Look, I think it’s really important. Again, I’m not a big fan of eating sushi at 3 AM in the morning, in the office that I see quite a lot from the PE world. And I don’t put a lot of store up presence. And I’m talking about before the pandemic. Dave or Sarah doesn’t win because they’re the first person there in the morning and the last person there at night. But the ability to have an action orientation, the ability to discharge your work on a constant basis again, I think it’s really important. The importance of repetition and improvement again, it’s an incredibly important part of business in my opinion. I don’t want to go into the 90% perspiration, 10% inspiration. I don’t mean it that crassly. But we have a methodical process of going through things over and over and over again, and get better and eliminate waste from the process. And I think your ability to really plow into that is an important part.
Colby Synesael (11:59):
Well at BT you left to get your masters from McGill, as part of a sponsored program through the company. Why did you decide to do that?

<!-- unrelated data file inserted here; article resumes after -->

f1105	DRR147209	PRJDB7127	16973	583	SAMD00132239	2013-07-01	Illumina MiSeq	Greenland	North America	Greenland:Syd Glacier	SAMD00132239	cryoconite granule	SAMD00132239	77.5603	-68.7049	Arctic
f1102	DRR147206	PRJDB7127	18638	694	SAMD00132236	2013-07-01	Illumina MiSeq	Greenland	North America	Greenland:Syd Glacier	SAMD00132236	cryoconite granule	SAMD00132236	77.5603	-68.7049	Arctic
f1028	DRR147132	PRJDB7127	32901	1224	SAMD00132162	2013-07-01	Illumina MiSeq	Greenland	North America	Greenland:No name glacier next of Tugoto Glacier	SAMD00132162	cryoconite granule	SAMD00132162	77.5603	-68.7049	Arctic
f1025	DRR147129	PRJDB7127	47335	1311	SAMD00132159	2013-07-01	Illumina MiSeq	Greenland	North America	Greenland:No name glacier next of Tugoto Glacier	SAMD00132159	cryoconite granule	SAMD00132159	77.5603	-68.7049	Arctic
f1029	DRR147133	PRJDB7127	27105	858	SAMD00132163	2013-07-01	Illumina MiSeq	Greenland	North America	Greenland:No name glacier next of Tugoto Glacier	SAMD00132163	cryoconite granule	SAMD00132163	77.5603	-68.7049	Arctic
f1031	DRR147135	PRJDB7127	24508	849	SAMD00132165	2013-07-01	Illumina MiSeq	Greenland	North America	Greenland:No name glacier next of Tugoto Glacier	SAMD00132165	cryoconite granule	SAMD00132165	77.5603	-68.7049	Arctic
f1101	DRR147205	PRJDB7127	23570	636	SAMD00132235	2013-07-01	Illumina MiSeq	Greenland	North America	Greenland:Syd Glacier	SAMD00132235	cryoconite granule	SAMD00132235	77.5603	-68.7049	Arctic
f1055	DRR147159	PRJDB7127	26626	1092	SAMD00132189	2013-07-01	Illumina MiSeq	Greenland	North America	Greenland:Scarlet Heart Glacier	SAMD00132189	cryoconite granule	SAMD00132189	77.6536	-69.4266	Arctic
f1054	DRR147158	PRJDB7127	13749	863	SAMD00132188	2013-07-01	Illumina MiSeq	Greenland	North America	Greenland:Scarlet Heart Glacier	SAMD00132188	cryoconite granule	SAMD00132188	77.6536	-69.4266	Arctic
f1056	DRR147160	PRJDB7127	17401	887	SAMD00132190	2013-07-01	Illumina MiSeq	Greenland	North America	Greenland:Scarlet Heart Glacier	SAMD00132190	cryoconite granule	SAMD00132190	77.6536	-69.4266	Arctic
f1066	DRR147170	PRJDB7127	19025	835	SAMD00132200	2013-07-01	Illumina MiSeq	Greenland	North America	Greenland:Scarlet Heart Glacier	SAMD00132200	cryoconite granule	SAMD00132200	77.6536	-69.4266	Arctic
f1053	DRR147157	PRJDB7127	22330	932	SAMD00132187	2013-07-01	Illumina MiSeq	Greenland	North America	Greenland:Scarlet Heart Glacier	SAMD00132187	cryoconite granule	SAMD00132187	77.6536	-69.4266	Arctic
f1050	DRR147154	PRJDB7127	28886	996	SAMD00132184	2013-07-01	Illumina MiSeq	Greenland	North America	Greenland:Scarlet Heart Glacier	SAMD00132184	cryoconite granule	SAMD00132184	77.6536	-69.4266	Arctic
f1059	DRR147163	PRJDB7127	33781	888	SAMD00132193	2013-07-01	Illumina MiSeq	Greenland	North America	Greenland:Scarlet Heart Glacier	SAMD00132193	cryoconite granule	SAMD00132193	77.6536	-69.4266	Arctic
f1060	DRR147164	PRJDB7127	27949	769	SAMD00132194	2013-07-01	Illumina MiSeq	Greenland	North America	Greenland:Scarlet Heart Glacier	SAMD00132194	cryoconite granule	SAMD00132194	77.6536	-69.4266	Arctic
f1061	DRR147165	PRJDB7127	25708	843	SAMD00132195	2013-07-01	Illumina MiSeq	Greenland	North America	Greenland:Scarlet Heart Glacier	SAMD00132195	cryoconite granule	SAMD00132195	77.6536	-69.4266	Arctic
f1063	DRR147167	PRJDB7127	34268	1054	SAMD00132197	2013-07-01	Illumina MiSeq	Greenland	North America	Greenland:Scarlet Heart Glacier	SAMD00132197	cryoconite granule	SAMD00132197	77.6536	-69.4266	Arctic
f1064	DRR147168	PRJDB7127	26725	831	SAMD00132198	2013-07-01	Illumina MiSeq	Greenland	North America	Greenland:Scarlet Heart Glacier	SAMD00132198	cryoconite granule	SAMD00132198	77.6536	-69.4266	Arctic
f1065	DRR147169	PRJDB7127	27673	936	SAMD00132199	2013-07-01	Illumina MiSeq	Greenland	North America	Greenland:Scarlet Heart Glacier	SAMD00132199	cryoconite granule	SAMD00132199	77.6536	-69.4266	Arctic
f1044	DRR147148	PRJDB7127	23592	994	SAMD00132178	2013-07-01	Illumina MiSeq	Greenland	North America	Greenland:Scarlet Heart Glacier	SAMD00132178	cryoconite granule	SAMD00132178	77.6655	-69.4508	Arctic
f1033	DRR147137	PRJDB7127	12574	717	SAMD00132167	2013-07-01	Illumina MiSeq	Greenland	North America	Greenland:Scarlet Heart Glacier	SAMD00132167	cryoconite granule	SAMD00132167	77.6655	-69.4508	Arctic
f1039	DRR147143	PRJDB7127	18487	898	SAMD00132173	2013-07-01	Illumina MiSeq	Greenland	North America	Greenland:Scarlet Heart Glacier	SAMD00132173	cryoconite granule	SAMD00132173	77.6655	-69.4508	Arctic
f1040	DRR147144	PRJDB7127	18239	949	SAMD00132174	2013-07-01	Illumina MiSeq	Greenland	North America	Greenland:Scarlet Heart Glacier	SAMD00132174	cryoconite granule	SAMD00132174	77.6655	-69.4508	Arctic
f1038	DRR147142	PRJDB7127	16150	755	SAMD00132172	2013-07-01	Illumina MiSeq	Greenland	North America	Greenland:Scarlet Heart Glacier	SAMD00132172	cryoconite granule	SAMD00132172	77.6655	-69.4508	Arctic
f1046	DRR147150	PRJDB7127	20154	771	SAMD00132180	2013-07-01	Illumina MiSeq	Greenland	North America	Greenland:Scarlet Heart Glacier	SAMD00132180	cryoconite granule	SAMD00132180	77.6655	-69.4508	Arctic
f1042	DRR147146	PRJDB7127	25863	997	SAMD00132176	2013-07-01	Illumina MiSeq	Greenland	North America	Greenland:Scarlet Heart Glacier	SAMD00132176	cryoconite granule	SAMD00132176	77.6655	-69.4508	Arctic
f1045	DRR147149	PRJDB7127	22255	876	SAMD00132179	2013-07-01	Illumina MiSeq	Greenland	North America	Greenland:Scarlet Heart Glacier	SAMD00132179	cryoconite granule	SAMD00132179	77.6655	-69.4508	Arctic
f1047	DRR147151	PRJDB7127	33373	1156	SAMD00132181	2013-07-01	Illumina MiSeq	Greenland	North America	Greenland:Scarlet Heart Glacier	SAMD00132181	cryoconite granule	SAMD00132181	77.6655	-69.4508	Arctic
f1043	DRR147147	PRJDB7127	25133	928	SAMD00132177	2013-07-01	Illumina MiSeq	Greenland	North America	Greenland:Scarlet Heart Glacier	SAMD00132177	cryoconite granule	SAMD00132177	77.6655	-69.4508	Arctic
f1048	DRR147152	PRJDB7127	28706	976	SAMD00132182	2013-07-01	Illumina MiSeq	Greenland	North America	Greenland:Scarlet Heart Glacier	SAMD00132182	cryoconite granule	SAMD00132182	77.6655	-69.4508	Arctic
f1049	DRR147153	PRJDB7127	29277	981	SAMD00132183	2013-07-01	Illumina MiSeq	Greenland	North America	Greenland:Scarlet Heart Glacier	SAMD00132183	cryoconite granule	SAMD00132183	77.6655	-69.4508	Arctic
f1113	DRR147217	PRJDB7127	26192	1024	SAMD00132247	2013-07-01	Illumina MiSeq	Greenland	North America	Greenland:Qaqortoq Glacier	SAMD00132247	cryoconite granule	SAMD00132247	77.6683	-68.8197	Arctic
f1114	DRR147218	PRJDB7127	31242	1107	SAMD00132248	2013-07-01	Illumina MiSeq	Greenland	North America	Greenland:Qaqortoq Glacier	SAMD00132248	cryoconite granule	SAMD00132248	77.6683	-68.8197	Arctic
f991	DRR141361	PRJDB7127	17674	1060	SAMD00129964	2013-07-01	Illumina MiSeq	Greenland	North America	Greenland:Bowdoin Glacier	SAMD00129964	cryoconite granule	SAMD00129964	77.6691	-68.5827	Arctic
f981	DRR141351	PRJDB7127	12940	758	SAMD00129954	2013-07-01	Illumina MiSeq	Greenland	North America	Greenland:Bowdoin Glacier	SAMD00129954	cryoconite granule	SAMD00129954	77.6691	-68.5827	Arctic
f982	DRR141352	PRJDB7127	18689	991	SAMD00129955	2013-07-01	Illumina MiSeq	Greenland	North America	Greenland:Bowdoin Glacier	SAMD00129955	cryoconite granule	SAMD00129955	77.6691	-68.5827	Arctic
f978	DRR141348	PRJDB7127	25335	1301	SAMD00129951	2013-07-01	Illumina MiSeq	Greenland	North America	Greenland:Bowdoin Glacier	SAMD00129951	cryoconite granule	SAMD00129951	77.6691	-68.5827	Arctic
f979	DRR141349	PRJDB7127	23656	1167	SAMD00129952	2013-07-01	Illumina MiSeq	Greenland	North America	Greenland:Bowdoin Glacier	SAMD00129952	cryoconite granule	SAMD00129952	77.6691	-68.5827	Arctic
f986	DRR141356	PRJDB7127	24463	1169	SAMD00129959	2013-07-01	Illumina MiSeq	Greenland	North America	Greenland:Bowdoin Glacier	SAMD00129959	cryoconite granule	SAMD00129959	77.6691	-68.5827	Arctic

Brady Rafuse (12:12):
It was brilliant. It was a great honor. I mean, I did a master’s program that was sponsored by Henry Mintzberg. We went all over the world. I mean, it was just so fantastic. And I had really had an appetite for learning. I still do. I still read a lot, I still listen to a lot of things, I really am really passionate about that. I harass my team constantly, “Read books, read books.” Because it’s the way you learn. That program is incredible. And we started in Lancaster in England, we went to McGill, we went to Bangalore, we went to Kobe, we finished up at INSEAD. And it was 50 people on the course from all sorts of sponsoring organizations, from RBC through the Red Cross. It was extraordinary and created some incredible relationships, learnt so much in such an exposure to so many different ways and cultures. And I was working almost exclusively in an international environment at that point. I get asked questions.
Brady Rafuse (13:24):